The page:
Whether roots reggae, ska, rocksteady, dub or dancehall, these Marley tracks have consistently bred new kinds of music over the course of the past 40+ years. From hip-hop to dubstep and ska to political punk, through the history of reggae and Bob Marley, the course of music has forever changed.

Roots Reggae: Bob Marley & The Wailers – “Get Up Stand Up”
Roots reggae is best exemplified by Bob Marley’s later work. Relying heavily on bouncing bass rhythms, scratchy guitar sounds and lyrics that dealt with beliefs and political stances, the genre would be forever defined by massive hits like “I Shot the Sheriff” and “Get Up Stand Up.” The tradition of catchy music with social themes is carried on today by everyone from Bruce Springsteen to Lupe Fiasco.

Ska: Bob Marley & The Wailers – “One Love/People Get Ready”
Featuring an early take on the classic “One Love” and a cover of Curtis Mayfield’s “People Get Ready,” Bob Marley & The Wailers take the offbeat rhythm of rocksteady and amp up its pace in this ska classic. Following Marley and Desmond Dekker’s lead, the ska sound has gone on to be played by large selling acts like No Doubt, Sublime, The Specials and Madness.

Rocksteady: Bob Marley & The Wailers – “Rock Steady”
Recorded in the late ’60s, Bob Marley & The Wailers’ “Rock Steady” is the perfect example of the song’s genre namesake. Rocksteady features less reliance on the organ than ska, and has slower tempos. Closely following the formula of hits used by Motown in the ‘60s, this R&B influenced version of reggae eventually helped breed artists like The Roots, Raphael Saadiq and Black Eyed Peas.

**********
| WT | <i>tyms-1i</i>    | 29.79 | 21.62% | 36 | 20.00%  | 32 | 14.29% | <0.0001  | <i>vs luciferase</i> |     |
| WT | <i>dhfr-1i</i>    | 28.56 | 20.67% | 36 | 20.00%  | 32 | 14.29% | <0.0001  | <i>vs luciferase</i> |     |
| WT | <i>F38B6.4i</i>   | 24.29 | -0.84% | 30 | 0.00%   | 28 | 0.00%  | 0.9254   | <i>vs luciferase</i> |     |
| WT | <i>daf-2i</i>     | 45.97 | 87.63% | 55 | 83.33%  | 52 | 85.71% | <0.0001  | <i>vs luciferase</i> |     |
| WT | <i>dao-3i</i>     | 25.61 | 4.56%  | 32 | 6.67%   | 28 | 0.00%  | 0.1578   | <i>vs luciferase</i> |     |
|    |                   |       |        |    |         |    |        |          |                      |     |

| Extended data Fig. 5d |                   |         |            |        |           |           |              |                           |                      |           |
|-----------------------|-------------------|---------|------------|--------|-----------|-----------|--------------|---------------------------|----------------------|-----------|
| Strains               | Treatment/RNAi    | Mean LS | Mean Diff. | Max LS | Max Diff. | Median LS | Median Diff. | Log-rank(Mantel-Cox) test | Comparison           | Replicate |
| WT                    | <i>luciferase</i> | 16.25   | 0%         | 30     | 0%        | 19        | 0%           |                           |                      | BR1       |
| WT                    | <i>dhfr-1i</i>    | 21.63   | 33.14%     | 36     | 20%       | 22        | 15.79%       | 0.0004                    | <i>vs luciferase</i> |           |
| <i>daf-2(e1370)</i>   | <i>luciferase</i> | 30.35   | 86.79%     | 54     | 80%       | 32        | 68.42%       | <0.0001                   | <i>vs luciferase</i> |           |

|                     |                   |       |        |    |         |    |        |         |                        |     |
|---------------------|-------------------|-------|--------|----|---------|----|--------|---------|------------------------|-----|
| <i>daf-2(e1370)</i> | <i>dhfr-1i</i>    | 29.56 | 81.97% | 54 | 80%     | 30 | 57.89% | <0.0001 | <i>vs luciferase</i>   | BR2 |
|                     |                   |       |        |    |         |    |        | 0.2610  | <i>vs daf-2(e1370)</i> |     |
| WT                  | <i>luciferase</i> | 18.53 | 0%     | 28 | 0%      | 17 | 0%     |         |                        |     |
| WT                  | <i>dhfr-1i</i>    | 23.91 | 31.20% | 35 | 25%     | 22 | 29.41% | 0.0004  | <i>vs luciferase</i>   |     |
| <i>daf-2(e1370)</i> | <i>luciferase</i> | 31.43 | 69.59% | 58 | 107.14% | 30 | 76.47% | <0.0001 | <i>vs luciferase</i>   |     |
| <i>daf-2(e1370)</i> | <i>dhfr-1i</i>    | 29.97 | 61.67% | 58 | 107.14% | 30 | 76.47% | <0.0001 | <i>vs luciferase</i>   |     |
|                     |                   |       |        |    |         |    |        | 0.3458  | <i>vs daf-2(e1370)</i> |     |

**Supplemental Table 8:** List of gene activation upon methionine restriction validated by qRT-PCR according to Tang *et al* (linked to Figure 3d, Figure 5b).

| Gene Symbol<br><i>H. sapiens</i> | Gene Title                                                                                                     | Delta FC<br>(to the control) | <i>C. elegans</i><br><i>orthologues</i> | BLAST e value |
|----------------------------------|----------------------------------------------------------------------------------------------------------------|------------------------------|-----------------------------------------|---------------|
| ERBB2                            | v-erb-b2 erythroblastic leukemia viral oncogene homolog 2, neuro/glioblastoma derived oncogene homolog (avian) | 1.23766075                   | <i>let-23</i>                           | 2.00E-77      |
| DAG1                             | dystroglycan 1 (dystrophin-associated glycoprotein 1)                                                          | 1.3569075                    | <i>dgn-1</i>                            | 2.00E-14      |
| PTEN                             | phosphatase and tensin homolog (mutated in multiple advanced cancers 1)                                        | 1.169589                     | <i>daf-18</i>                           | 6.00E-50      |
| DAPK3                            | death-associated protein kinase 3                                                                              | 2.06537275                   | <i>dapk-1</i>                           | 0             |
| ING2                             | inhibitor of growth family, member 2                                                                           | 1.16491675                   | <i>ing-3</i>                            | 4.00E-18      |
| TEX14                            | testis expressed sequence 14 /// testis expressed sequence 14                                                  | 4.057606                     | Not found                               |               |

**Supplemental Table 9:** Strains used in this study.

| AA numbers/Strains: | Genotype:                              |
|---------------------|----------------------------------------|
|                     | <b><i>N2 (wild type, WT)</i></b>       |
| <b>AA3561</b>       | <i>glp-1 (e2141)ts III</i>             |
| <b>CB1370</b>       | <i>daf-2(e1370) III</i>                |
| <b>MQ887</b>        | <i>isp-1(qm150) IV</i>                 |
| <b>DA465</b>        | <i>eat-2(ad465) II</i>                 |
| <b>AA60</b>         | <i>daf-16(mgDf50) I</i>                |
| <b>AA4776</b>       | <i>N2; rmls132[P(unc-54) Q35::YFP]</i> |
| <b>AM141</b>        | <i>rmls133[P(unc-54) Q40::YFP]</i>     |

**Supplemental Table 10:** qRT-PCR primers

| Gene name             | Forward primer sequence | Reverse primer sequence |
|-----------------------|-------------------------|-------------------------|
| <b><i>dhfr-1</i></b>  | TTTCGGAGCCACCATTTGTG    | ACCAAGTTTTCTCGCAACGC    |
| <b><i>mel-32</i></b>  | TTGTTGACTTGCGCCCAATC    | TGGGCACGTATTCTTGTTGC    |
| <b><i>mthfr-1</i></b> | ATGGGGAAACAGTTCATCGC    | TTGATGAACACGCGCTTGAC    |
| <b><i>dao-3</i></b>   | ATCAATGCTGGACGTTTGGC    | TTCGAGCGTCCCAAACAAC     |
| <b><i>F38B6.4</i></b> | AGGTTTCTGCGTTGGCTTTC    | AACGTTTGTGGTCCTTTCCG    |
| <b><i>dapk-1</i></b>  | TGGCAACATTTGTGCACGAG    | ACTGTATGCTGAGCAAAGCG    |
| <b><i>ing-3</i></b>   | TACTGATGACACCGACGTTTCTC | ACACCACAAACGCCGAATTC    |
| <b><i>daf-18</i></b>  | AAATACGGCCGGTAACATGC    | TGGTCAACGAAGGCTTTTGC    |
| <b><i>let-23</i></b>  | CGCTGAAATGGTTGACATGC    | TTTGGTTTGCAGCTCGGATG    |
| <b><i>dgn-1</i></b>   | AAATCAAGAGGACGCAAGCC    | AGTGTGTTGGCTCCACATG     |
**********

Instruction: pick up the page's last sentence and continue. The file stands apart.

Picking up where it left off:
Dub: Bob Marley w/ U-Roy – “Small Axe”
Dub may be one of the most interesting sub-genres of reggae as producers use instrumental parts of popular reggae songs to create new spaced-out sounds. Pioneers of the genre, including King Tubby and Lee “Scratch” Perry, have had a heavy influence on the creation of dubstep. Dubstep closely follows their formula by adding reverb, echo and delay to samples. Check out the wild sounds of U-Roy mixing Bob Marley’s “Small Axe,” and tell us Skrillex and Bassnectar didn’t pick up a few things from Jamaica.

Dancehall: Damian Marley and Skrillex – “Make It Bun Dem”
A modern take on Dancehall music with a little dubstep thrown in for good measure, Damian Marley and Skrillex make a formidable duo by combining forces on the new track, “Make It Bun Dem.” Sampling a reggae organ, Damian spits fast and furious rhymes over a Skrillex mix that catapults the sounds of Jamaica into the 21st Century. Hip-hop artists like Snoop Dogg, Wiz Khalifa and The Game have found similar success by sampling dancehall for chart-topping hits.

The history of reggae music has had far-reaching effects over the years. From the birth of new music and new listeners, to new collaborations like that of Damian Marley and Skrillex, reggae music has developed into something that stretches far beyond its birthplace of Jamaica. Now the whole world is listening.